Ailey/Fordham Dancers Explore Modern and Traditional Culture in MexicoContact: Patrick Verel
|Students working with choreographer
Photo by Joanna Poz-Molesky
Seven students in the Ailey/Fordham bachelor of fine arts program traveled to Mexico this past August for two weeks of performances and immersion in Mexican culture.
They made the journey as part of JUNTOS, a dance collective founded in 2006 by one of their own—rising senior Joanna Poz-Molesky from Berkeley, Calif.
"It’s important that artists work together, in their own communities and in others," she said.
JUNTOS included participants from the Julliard School and SUNY Purchase. In all, 13 dancers took part in the experience.
"I wanted to bring these schools together because they’re three of the best dance schools in New York," Poz-Molesky said. "I wanted them to have this shared experience, so that it might inspire them to work together and to open their eyes to what else dance can offer."
The trip included three days of study with Mexican choreographer Jaime Camarena as well as public performances and workshops at a retirement community and an orphanage. The collective made stops in Mexico City, San Miguel de Allende, Guanajuato and Queretaro.
The dancers in JUNTOS, which means “together” in Spanish, collaborated on fundraising, designing and creating costumes, choreographing six original pieces and advertising the performances.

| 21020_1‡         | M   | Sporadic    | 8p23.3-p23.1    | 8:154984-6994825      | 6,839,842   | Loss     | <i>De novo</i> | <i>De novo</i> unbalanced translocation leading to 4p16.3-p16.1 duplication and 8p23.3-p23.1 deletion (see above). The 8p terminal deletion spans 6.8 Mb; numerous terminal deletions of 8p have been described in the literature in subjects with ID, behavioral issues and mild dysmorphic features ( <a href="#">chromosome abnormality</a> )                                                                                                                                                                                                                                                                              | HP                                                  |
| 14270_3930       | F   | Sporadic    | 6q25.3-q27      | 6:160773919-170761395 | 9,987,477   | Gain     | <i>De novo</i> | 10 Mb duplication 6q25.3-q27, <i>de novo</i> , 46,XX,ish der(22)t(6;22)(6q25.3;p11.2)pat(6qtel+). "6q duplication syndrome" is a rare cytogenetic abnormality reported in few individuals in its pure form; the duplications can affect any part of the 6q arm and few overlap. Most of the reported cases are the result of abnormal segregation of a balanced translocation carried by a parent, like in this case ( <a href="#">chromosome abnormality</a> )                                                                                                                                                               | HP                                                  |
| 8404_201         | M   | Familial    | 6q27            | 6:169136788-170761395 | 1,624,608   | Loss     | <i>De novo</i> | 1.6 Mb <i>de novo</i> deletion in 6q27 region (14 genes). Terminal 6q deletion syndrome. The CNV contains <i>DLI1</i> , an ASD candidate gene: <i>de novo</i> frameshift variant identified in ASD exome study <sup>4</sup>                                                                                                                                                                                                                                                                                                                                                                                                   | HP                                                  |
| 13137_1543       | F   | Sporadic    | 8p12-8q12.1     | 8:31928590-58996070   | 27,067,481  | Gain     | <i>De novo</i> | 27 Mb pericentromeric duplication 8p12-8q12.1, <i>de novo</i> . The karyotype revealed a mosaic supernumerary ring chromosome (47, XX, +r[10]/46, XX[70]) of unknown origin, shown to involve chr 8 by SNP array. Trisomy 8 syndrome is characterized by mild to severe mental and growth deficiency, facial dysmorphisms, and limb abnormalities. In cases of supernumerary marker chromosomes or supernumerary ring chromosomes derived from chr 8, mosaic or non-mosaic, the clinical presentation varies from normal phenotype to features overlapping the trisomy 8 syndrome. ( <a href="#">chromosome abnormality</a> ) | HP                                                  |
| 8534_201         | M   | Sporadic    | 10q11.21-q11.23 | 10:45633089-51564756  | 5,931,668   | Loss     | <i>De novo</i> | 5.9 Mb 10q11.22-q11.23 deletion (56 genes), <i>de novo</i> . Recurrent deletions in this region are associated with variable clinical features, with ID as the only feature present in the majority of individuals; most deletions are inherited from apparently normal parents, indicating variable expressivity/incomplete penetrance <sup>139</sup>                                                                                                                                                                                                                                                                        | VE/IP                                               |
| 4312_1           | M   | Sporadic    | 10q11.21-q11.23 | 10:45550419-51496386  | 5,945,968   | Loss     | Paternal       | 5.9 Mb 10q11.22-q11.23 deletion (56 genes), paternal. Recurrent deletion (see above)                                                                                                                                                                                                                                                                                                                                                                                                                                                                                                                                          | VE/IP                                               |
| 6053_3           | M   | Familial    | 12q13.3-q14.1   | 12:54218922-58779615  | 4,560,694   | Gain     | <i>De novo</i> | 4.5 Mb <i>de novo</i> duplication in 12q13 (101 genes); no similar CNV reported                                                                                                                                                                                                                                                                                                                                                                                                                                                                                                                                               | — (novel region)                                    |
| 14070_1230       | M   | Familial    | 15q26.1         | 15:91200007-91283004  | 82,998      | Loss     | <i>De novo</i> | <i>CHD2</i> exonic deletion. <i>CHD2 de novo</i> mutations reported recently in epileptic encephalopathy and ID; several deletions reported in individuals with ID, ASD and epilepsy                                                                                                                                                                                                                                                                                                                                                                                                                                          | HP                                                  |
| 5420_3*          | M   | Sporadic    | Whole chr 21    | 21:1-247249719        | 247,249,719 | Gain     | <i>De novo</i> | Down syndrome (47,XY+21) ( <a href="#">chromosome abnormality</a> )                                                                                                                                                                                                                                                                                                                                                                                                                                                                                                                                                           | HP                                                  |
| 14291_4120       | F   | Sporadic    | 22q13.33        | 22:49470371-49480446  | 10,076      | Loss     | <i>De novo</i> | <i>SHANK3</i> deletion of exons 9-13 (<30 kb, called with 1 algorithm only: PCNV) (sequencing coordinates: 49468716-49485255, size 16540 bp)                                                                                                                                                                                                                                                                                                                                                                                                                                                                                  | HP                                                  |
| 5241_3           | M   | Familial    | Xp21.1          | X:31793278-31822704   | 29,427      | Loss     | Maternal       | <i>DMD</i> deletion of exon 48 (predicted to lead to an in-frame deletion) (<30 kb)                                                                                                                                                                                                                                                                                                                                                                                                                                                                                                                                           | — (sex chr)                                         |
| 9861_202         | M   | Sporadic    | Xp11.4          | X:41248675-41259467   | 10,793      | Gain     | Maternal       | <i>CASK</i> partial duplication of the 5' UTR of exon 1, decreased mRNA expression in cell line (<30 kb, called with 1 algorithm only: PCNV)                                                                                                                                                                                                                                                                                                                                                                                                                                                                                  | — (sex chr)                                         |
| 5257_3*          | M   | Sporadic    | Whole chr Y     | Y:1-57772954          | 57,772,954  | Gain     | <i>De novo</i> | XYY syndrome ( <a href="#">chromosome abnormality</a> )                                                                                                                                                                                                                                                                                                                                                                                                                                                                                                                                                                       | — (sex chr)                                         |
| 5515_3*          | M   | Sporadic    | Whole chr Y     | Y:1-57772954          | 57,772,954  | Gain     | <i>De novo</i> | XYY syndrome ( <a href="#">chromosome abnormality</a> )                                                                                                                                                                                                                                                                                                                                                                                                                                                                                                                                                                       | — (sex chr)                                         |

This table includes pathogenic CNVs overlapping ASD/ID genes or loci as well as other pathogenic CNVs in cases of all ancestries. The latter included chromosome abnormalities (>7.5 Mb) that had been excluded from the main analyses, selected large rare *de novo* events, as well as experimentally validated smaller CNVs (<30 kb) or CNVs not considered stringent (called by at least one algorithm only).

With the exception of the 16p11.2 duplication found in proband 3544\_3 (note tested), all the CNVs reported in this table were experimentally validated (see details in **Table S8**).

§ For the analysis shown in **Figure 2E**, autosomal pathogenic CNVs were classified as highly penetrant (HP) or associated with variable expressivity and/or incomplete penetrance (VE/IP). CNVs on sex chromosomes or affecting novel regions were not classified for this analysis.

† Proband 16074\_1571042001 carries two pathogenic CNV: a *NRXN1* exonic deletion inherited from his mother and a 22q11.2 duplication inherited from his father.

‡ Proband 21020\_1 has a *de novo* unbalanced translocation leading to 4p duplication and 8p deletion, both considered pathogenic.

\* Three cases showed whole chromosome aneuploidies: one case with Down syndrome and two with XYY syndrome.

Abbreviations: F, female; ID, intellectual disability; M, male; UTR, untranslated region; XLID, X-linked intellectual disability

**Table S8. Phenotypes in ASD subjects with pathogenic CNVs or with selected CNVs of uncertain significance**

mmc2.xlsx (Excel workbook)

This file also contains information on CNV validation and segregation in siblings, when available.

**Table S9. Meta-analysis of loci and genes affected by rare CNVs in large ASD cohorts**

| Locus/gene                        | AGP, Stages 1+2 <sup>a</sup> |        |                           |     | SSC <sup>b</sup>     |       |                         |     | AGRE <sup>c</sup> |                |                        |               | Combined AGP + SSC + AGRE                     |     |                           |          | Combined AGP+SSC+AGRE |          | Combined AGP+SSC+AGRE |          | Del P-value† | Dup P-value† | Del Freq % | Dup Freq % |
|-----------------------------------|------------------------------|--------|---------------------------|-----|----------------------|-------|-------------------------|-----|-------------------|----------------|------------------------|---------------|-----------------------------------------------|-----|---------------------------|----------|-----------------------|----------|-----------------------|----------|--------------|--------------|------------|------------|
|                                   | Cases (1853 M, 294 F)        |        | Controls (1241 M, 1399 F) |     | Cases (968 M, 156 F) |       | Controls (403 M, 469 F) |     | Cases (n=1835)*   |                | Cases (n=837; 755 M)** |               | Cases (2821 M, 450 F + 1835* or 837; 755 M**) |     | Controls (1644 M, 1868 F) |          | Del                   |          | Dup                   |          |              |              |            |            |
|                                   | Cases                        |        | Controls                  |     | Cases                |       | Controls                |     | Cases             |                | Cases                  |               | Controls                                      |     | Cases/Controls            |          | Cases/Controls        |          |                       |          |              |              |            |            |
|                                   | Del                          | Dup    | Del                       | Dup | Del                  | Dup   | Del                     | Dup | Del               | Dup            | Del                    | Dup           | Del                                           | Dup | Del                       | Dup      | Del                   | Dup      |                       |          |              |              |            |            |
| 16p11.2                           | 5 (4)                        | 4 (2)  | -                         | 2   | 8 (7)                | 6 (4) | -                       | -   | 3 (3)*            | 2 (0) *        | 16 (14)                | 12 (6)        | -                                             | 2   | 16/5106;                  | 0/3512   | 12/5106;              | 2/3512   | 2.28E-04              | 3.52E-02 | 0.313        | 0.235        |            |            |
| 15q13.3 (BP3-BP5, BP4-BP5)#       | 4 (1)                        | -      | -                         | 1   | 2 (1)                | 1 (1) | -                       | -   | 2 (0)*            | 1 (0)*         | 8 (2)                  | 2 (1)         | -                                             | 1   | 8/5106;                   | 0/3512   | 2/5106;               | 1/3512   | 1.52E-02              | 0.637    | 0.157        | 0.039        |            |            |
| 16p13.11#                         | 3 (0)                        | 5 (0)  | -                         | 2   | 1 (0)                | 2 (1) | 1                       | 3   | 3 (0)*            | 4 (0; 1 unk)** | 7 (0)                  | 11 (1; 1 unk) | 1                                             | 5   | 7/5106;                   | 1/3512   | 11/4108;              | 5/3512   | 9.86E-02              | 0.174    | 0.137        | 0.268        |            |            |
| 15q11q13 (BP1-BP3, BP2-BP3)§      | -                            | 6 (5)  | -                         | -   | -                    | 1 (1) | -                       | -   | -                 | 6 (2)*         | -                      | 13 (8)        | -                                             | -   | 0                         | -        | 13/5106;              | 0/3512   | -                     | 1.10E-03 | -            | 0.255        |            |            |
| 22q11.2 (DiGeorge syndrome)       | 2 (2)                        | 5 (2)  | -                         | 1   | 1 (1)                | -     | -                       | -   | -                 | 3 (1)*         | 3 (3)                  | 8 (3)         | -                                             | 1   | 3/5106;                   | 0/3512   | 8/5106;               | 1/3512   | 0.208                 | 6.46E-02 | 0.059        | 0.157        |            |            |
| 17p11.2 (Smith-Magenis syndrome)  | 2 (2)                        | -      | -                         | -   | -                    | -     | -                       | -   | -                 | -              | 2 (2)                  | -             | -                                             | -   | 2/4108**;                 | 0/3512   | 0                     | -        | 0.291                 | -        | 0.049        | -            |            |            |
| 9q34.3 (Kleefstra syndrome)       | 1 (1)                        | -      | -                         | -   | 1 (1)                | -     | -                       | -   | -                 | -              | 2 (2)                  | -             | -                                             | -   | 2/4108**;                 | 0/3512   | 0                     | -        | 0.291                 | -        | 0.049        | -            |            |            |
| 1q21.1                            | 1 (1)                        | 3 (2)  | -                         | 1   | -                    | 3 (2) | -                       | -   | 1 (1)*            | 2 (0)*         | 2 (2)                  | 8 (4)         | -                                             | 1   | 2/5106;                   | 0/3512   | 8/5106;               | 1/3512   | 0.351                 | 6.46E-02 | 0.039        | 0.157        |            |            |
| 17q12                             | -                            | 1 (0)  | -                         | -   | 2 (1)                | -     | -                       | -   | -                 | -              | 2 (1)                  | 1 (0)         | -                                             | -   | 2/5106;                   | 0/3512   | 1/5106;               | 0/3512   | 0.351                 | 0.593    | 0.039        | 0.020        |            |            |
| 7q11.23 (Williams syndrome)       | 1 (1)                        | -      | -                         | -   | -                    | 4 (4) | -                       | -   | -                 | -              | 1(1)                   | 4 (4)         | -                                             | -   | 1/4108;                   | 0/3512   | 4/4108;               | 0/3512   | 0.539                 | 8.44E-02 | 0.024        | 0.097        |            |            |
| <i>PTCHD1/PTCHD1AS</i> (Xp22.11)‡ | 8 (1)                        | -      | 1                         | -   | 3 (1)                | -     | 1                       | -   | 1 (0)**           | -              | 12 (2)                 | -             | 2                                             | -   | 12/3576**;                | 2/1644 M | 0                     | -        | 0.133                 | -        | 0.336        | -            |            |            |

The meeting with Camarena was made possible through the assistance of Ailey/Fordham alumna Katherine Horrigan, (FCLC’02), Poz-Molesky said.
The collective included Ailey/Fordham dancers Kate Chamberlain, the group’s New York coordinator; Kile Hotchkiss, Helen Hatch, Ninia Agustin, Marisa Martinm and Adam Salberg, the group’s photographer and webmaster.
Hatch said she was grateful for the entire experience.
"I have learned so much about other cultures, people, places, personalities and ideas,” she said. “It has been a huge learning experience, for which I will be forever grateful."
Poz-Molesky said the JUNTOS trip was inspired by a similar immersion experience she organized in 2005 for En Pointe Youth Dance Company, a troupe she founded while still in high school.
"A year and a half ago, for spring break, I took a friend to Mexico. That was the first time I’d gone there in three years, and people there asked me if I would dance again,” she said.
Poz-Molesky said she would like to continue excursions with JUNTOS, particularly to Guatemala, where she has family and where she hopes to visit next March.
"People might ask why, when they need so many other things there, that we would go to dance,” she said. “But I think art can offer community. With community, comes love from other people, and that’s how people live."
Founded in 1841, Fordham is the Jesuit University of New York, offering exceptional education distinguished by the Jesuit tradition to approximately 14,700 students in its four undergraduate colleges and its six graduate and professional schools. It has residential campuses in the Bronx and Manhattan, a campus in Westchester, and the Louis Calder Center Biological Field Station in Armonk, N.Y.